• The methylation tags, epigenetic signals get wiped clean every time we go through embryogenesis, and that’s what’s happening with cancer
  • Global hypermethylation
  • Hypermethylation of the promoter regions of tumor suppressor genes

Human embryonic genes re-expressed in cancer cells

Human preimplantation embryonic cells are similar in phenotype to cancer cells. Both types of cell undergo deprogramming to a proliferative stem cell state and become potentially immortal and invasive (Monk and Holding, 2001).

Hexokinase 2

The most important effector of cancer’s metabolic phenotype is the transition from hexokinase 1 to hexokinase 2

Hexokinase 2 is required for tumor initiation and maintenance and its systemic deletion is therapeutic in mouse models of cancer (Cancer Cell;24,2,213-228,2013TK)

  • The first enzyme of glycolysis is HK1
    • A little in skeletal muscle and heart
    • Cancer transitions to HK2, and then it wildly overexpresses it
  • HK2 is less subject to product inhibition to glucose-6-phosphate
    • Great for replicative immortality
    • Responsible for the Warburg effect
  • It binds to the VDAC channel
    • Associated with outer mitochondrial membrane
    • It induces a conformational change that closes the VDAC channel
    • The VDAC channel is the effector pore for apoptosis

This one transition to an isozyme that’s preprogrammed in us is responsible for two hallmark features of cancer

  1. Warburg effect
  2. Immortalization of the cell

Hexokinase 2 is responsible for the Warburg effect and immortalization of the cell

  • Most people attribute a PET scan to overconsumption of glucose (true)
  • More because HK2 phosphorylates glucose which is an irreversible reaction, which bloats the cancer cell
  • You wouldn’t have a PET scan without HK2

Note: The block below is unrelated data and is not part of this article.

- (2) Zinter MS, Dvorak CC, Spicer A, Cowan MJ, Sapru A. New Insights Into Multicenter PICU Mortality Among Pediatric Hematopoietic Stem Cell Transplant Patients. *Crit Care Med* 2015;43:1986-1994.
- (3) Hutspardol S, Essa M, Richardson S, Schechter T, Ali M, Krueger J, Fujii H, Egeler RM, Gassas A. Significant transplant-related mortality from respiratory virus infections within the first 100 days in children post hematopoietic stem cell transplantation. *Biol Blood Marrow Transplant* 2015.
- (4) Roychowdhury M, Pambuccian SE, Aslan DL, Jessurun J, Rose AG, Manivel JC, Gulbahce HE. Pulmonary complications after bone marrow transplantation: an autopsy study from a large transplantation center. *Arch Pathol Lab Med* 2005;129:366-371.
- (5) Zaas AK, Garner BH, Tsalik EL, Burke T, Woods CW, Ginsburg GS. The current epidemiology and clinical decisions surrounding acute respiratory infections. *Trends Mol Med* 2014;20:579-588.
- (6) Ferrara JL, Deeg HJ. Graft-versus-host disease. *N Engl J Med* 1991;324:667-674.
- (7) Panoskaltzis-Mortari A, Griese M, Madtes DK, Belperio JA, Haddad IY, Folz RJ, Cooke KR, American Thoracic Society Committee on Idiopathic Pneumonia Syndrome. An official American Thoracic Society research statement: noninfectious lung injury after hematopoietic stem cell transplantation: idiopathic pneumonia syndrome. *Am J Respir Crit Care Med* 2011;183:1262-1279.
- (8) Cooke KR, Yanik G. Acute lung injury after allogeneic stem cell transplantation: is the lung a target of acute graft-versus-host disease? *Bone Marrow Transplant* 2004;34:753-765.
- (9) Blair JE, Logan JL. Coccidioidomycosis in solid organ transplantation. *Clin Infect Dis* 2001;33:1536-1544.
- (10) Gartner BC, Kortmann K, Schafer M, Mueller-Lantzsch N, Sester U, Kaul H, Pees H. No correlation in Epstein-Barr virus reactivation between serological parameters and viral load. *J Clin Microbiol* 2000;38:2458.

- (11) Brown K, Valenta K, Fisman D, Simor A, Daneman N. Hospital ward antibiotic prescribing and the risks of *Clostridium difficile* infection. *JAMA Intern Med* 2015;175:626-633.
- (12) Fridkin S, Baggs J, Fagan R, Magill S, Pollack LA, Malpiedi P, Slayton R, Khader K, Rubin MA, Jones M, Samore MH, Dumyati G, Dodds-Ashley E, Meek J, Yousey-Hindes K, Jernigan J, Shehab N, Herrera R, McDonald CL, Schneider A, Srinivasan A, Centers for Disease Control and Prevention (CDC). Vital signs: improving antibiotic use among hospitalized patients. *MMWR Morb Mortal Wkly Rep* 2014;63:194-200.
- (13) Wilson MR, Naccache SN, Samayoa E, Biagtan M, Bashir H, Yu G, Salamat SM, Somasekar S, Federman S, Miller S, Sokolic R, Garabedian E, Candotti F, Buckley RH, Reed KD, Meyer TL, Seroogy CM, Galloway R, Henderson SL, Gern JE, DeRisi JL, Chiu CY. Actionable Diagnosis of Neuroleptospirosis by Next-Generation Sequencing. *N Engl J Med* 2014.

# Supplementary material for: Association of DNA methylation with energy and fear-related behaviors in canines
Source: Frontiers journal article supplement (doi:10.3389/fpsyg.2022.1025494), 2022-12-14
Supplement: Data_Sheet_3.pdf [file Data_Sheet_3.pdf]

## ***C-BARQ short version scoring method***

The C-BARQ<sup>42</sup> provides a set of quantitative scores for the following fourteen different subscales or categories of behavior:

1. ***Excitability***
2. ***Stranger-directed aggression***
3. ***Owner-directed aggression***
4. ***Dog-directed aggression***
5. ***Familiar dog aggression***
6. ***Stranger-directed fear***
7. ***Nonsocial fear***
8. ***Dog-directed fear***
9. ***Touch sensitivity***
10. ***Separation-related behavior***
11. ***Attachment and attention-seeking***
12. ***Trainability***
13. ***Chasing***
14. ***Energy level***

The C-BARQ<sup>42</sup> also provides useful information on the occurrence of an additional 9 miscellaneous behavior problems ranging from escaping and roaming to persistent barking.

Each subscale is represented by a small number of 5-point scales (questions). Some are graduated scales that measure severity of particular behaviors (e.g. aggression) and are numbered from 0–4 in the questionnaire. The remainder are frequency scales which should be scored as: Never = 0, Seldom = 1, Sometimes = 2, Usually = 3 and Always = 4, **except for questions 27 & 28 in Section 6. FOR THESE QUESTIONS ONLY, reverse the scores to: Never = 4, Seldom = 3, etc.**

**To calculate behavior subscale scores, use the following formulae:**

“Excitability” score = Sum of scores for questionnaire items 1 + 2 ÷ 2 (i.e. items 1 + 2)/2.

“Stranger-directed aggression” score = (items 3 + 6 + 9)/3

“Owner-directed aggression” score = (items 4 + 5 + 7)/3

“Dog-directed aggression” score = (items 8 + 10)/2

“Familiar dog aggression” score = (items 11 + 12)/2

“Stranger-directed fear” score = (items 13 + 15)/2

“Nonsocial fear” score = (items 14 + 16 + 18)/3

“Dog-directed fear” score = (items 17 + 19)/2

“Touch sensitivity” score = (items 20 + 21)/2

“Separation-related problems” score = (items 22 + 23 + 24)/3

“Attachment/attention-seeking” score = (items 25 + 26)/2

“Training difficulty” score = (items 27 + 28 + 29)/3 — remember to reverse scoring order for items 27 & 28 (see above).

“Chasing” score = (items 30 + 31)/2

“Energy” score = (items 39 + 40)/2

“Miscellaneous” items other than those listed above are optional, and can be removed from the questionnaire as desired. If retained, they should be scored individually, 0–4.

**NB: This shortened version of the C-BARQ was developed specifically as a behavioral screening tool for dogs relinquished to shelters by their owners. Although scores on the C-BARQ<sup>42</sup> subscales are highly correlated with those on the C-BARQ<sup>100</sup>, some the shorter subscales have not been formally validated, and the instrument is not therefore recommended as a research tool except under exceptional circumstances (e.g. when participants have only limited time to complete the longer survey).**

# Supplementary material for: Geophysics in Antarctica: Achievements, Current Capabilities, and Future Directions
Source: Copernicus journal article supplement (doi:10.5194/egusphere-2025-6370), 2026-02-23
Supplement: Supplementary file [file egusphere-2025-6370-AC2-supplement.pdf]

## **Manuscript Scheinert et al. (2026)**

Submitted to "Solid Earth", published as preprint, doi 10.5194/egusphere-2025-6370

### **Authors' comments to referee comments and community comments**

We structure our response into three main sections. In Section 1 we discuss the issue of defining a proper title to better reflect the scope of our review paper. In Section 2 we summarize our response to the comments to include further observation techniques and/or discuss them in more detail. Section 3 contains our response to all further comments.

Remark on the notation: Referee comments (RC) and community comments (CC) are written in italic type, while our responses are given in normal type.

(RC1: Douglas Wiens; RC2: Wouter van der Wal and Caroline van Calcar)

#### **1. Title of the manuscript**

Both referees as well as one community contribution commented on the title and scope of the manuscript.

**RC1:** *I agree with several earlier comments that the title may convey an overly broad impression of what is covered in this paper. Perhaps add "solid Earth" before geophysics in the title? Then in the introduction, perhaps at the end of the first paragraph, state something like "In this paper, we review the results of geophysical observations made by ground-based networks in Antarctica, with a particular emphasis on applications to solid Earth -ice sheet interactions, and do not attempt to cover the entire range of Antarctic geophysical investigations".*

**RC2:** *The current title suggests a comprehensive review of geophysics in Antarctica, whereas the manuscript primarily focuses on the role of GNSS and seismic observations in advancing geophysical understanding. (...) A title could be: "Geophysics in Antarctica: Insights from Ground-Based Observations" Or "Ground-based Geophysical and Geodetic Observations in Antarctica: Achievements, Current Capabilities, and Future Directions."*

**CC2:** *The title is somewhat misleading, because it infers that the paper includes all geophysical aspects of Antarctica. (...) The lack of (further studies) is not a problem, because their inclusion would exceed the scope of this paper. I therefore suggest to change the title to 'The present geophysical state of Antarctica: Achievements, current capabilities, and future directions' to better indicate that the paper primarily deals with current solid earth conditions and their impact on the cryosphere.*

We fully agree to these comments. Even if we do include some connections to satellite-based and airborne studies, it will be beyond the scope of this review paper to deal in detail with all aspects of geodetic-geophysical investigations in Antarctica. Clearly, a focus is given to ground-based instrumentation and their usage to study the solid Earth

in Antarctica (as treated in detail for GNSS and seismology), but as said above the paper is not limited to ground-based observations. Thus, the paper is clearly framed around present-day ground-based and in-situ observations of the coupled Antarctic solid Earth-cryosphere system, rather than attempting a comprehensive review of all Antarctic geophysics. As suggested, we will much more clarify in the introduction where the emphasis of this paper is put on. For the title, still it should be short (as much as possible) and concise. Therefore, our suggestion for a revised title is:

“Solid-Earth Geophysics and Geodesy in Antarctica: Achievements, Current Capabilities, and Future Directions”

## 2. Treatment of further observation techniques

Developmental profile and regulation of the glycolytic enzyme hexokinase 2 in normal brain and glioblastoma multiforme

Paper in Neurobiol Dis (Wolf et al., 2011 CKTK)

“HK2 expression was highest in the early embryo, while HK1 expression increased with CNS maturation.”

  • Is there any other time that HK2 is overexpressed other than cancer?
  • Very early on during embryogenesis
  • A good theory has predictive power: this is exactly what you would expect

Cancer is “hop-scotching back in time to the Proterozoic ocean

  • The earth’s atmosphere had dramatically less oxygen, when unicellular life evolved
  • Glycolysis is the most ancient and conserved biochemical pathway
  • The degree of HK2 overexpression correlates to the degree of aggressiveness

The idea of an atavistic model:

  • If the foundation of embryogenesis is that built-in pattern of replicative immortality, you can’t rid of it
  • Evolution would get rid of cancer if it could, but it can’t because it’s the building block of embryogenesis
  • The cancer cell is reverting back to this: it’s hop-scotching back in time
  • During the great oxygenation of the planet is when multicellular life took over

“Geochemical data (1-6TK) suggest that oxygenation proceeded in two broad steps near the beginning and end of the Proterozoic eon (2,500 to 542 million years ago) (Tracing the stepwise oxygenation of the Proterozoic ocean, Nature, 452, 456-459, 2008 CKTK).”

You can see the exact methylation patterns that result in the overexpression of HK2:

Thus, bisulfite methylation footprint analysis revealed 18 methylated CpG sites within a CpG island (-350 to +781 bp) in the hepatocyte HK2 gene, but none in the hepatoma (Hexokinase II: Cancer’s double-edged sword acting as both facilitator and gatekeeper of malignancy when bound to mitochondria (Mathupala, Ko, and Pedersen, 2006 TK)


Therapeutic strategy of cancer 2.0

  • We have to know what cancer is in order to treat it
  • New theories guide cancer treatment strategy to epigenetic therapies: exploit differences in expression and/or engage the cancer cell in diplomacy experiments have shown this is possible
  • Direct and indirect epigenetic strategies

Direct strategies:

  1. DNMT inhibitors
  2. HDAC inhibitors
  3. Packaged microRNA (miRNA)

Indirect strategies:

  1. Decoupling from adaptive immune system
  2. Ketogenic diet and HBOT

Take-home messages:

  • Somatic mutations are not the whole picture
  • Cancer is a systematic, organized disease of altered protein expression (e.g., HKII)
  • This completely reconfigures therapeutic strategy away from the single cell hypotheses to diplomacy and the targeted killing of cancer cells